OP2088. RUSALKA (Dvorák), Live Performance, 2009, Glyndebourne, w.Bélohlavek Cond. London Phil. & Glyndebourne Ensemble; Ana Maria Martinez, Brandon Jovanovich, Larissa Diadkova, etc. (China) 2-Glyndebourne GFOCD 007-09, Gatefold Edition w.Elaborate hardcover book featuring libretto, illus. & numerous photos. - 878280000078
“The [above] recording was made at Glyndebourne performances in August, 2009, and the sound is superb, with barely a noise from the audience aside from end-of-act applause. Libretto and translation are supplied….this Glyndebourne performance has such life and intensity that I’ll want to hear it again and again.”
- Ralph V. Lucano, AMERICAN RECORD GUIDE, Jan./Feb., 2011
“Dvorak's opera RUSALKA reaches extraordinary heights of melodic eloquence. RUSALKA is also the most consciously 'through-composed' of Dvorak's operas but this does not prevent Czech opera's most famous aria the ineffably beautiful 'Song to the Moon', being frequently extracted from the score and sung as a standalone aria. Sometimes thought of as a 'one aria opera', this is just one of many glorious arias for RUSALKA, among them the moving first act plea, 'Your ancient wisdom everyone knows' ('Staleta moudrost tva vsechno vi'), made to the witch Jezibaba asking her to make her human, and her desolate lament 'Robbed of my youth' ('Mladosti sve pozbavena') at the start of Act 3. RUSALKA is by no means a mainstay in the operatic oeuvre, but this new 2009 production and recording from Glyndebourne is destined to put this much overlooked masterpiece to the forefront of romantic repertory. The recording is aided by a stellar cast. Ana Maria Martinez's astonishing humanity shines through in her heart rending portrayal of Rusalka, burly tenor Brandon Jovanovich is a handsome Prince, with real Slavic flavour added with Mischa Schelomianski as Rusalka's wise old father Vodnik, and Larissa Diadkova as the evil witch Jezíbaba, both giving exemplary performances, with Czech conductor Jiri Bìlohlavek and the London Philharmonic Orchestra, giving the music a wonderful emotional intensity at all the right moments.”
- Zillah D. Akron
“Jirí Belohlávek, the leading Czech classical music conductor of his generation, had an unusual history with the Czech Philharmonic. He was chief conductor twice: for about a year after the 1989 Velvet Revolution, which replaced the Communist government, and again since 2012. He also led the country’s Brno Philharmonic, Prague Symphony Orchestra and Prague Philharmonia; was the popular chief conductor of the BBC Symphony Orchestra in Britain from 2006 to 2012; was a guest conductor of the New York Philharmonic, the Berlin Philharmonic and the Boston Symphony Orchestra; and conducted at the Royal Opera House in London and the Metropolitan Opera in New York. ‘Jirí Belohlávek was the most devoted and to my mind the most profound proponent of Czech orchestral music in the world today’, said Michael Beckerman, the Carroll and Milton Petrie Professor of Music at New York University and a Czech specialist. He was apprenticed to the Romanian conductor Sergiu Celibidache and in 1970 won the Czech Young Conductors’ Competition.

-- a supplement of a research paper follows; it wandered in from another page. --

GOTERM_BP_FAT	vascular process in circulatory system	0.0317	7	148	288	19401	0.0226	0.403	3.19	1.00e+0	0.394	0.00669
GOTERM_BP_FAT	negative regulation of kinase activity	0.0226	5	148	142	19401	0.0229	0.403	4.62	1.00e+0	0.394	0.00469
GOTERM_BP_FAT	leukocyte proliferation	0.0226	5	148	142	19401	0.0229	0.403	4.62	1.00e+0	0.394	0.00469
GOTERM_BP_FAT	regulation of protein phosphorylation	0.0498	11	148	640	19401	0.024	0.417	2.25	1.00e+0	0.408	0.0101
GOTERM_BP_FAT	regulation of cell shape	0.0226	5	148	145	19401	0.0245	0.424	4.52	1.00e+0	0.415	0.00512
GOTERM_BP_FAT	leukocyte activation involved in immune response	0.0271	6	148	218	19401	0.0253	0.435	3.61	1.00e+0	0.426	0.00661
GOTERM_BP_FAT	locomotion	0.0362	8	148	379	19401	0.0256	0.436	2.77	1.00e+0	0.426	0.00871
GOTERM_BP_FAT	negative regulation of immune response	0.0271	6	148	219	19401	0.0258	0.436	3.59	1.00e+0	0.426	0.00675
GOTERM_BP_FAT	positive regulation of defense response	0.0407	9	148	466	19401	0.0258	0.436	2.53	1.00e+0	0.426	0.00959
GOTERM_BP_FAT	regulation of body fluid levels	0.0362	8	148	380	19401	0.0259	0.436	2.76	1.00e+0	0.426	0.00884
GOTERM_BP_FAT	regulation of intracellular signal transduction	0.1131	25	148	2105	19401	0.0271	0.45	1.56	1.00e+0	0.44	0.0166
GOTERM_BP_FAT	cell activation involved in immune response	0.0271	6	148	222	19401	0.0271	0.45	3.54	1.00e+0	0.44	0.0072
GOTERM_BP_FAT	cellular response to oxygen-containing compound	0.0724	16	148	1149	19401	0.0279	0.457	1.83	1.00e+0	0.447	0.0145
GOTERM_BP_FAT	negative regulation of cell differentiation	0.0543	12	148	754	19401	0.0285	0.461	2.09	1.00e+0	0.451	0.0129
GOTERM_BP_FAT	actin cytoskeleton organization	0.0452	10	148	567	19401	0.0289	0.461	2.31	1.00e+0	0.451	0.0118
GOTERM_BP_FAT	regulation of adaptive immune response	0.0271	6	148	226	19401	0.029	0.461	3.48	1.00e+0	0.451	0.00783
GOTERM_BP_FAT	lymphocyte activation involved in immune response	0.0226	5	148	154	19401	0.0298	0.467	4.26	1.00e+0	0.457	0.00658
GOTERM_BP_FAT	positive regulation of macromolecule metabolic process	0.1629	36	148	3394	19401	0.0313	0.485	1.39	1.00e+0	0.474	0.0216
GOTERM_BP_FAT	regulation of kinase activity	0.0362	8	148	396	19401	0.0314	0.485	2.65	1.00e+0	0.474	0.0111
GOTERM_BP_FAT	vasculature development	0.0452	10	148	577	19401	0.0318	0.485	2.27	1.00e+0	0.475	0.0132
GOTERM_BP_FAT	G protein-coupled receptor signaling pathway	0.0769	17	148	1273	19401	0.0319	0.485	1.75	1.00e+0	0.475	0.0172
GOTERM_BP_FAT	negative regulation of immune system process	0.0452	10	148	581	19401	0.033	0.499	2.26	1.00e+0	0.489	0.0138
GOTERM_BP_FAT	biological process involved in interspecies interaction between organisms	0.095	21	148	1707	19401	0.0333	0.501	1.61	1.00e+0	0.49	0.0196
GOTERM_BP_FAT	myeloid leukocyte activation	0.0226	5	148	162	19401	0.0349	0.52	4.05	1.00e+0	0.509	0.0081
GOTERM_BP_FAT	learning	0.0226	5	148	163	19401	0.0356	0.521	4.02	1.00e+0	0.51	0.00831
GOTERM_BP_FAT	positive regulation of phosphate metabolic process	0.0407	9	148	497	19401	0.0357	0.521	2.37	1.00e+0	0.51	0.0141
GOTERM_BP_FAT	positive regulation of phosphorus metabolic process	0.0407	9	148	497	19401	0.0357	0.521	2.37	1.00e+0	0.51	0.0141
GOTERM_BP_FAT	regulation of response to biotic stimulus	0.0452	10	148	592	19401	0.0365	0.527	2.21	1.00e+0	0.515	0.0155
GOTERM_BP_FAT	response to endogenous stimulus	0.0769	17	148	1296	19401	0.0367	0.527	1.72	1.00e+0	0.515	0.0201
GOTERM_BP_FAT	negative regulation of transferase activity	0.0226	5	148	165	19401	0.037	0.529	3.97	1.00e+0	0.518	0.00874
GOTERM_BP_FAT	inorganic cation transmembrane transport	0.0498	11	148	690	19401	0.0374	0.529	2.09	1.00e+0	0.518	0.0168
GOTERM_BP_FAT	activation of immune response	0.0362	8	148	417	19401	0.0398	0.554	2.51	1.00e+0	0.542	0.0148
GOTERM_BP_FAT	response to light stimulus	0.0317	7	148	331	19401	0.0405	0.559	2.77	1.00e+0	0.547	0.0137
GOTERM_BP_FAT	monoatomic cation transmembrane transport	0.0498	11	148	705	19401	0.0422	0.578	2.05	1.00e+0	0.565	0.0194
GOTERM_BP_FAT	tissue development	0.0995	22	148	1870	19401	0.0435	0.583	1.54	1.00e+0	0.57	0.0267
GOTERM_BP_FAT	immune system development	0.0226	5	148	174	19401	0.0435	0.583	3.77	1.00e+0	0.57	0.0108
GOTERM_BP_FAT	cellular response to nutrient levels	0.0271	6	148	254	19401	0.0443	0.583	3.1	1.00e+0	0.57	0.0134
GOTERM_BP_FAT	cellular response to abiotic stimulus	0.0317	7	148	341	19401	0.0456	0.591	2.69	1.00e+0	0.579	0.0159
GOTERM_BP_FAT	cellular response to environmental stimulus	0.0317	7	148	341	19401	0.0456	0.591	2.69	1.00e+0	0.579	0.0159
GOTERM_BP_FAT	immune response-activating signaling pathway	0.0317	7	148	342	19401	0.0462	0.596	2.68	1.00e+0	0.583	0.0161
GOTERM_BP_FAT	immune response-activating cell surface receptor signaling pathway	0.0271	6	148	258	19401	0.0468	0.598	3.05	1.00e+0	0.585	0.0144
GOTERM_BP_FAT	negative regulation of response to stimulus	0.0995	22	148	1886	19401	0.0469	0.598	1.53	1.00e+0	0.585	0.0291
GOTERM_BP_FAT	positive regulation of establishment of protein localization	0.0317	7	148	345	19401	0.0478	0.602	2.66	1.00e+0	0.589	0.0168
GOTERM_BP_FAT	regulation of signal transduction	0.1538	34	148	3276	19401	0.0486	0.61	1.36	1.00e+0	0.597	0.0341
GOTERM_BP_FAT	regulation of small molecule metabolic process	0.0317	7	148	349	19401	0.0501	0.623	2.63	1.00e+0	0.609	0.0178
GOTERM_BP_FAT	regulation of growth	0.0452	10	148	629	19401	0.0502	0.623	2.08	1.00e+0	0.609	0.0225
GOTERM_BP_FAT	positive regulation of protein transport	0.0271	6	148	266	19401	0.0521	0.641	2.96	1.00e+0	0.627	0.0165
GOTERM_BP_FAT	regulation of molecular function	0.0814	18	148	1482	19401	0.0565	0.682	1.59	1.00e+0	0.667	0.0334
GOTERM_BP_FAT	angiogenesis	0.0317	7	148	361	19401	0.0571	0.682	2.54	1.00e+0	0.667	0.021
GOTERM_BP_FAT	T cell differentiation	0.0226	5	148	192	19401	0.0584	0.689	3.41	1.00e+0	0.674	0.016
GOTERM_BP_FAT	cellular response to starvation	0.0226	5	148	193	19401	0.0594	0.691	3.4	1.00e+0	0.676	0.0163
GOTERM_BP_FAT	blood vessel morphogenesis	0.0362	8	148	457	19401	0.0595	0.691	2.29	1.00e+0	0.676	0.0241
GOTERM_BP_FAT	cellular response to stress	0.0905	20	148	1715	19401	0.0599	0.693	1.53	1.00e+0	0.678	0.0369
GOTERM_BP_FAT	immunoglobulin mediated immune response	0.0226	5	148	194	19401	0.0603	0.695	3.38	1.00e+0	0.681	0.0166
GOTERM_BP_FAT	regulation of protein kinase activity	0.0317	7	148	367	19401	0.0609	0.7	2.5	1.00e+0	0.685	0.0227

Under the Communist regime, he was denied permission to conduct in Berlin and in Israel. He was conductor of the Brno State Philharmonic Orchestra from 1972 to 1978 and chief conductor of the Prague Symphony Orchestra until 1989. After the Velvet Revolution, he came to the Czech Philharmonic, the country’s major orchestra, which was founded in 1896, and 12 years later presented their premiere of Mahler’s Seventh Symphony. In an era of globalized music-making, the ensemble has distinguished itself by retaining much of the bright, tangy sound and infectious intensity of its historical heyday. Mr. Belohlávek’s initial tenure there was short-lived, when the musicians, newly given the power to elect their leader, voted to replace him with Gerd Albrecht, a German, whose European contacts, they thought, would attract lucrative recording contracts and concert bookings. ‘I was shattered’, Mr. Belohlávek recalled in an interview in THE NEW YORK TIMES in 2014.
After leaving his first stint with the Czech Philharmonic, Mr. Belohlávek founded the Prague Philharmonic and remained its music director until 2004. He was principal guest conductor of the BBC Symphony beginning in 2000, was named chief conductor in 2006 and conducted the popular Last Night of the Proms three times. He resisted repeated entreaties to return to the Czech Philharmonic, but was eventually attracted by a new administration that promised to solve the orchestra’s longstanding financial and administrative difficulties. Two decades after leaving, Mr. Belohlávek was reappointed in 2012. In 2014, the ensemble toured the United States, including Carnegie Hall, where, James R. Oestreich wrote in THE NEW YORK TIMES, ‘The strings were warm and caressing, the brasses brash and incisive; the woodwinds sang with a slightly nasal, Slavic character and danced with a playful show of elbows and knees’.”
- Sam Roberts, THE NEW YORK TIMES, 1 June, 2017